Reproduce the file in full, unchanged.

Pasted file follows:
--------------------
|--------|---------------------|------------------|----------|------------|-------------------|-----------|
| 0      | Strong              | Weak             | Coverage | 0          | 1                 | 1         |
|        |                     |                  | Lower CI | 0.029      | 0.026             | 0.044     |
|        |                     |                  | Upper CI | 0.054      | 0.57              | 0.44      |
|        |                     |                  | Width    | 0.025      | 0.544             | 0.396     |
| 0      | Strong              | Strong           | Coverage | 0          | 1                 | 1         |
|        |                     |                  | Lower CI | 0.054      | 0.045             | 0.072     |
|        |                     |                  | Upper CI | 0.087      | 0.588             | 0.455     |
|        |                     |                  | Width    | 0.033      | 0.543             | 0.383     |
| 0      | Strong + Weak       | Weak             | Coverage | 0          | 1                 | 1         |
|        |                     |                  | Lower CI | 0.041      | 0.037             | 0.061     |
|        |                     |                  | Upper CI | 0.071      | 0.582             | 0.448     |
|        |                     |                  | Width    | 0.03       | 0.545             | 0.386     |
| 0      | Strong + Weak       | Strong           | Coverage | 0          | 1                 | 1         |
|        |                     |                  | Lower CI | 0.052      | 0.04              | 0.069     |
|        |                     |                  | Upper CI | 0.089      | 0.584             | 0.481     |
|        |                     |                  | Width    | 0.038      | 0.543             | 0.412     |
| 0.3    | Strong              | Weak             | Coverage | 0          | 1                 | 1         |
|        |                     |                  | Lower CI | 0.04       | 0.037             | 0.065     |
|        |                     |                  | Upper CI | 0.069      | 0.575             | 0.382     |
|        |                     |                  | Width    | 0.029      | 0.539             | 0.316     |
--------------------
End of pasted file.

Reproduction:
|--------|---------------------|------------------|----------|------------|-------------------|-----------|
| 0      | Strong              | Weak             | Coverage | 0          | 1                 | 1         |
|        |                     |                  | Lower CI | 0.029      | 0.026             | 0.044     |
|        |                     |                  | Upper CI | 0.054      | 0.57              | 0.44      |
|        |                     |                  | Width    | 0.025      | 0.544             | 0.396     |
| 0      | Strong              | Strong           | Coverage | 0          | 1                 | 1         |
|        |                     |                  | Lower CI | 0.054      | 0.045             | 0.072     |
|        |                     |                  | Upper CI | 0.087      | 0.588             | 0.455     |
|        |                     |                  | Width    | 0.033      | 0.543             | 0.383     |
| 0      | Strong + Weak       | Weak             | Coverage | 0          | 1                 | 1         |
|        |                     |                  | Lower CI | 0.041      | 0.037             | 0.061     |
|        |                     |                  | Upper CI | 0.071      | 0.582             | 0.448     |
|        |                     |                  | Width    | 0.03       | 0.545             | 0.386     |
| 0      | Strong + Weak       | Strong           | Coverage | 0          | 1                 | 1         |
|        |                     |                  | Lower CI | 0.052      | 0.04              | 0.069     |
|        |                     |                  | Upper CI | 0.089      | 0.584             | 0.481     |
|        |                     |                  | Width    | 0.038      | 0.543             | 0.412     |
| 0.3    | Strong              | Weak             | Coverage | 0          | 1                 | 1         |
|        |                     |                  | Lower CI | 0.04       | 0.037             | 0.065     |
|        |                     |                  | Upper CI | 0.069      | 0.575             | 0.382     |
|        |                     |                  | Width    | 0.029      | 0.539             | 0.316     |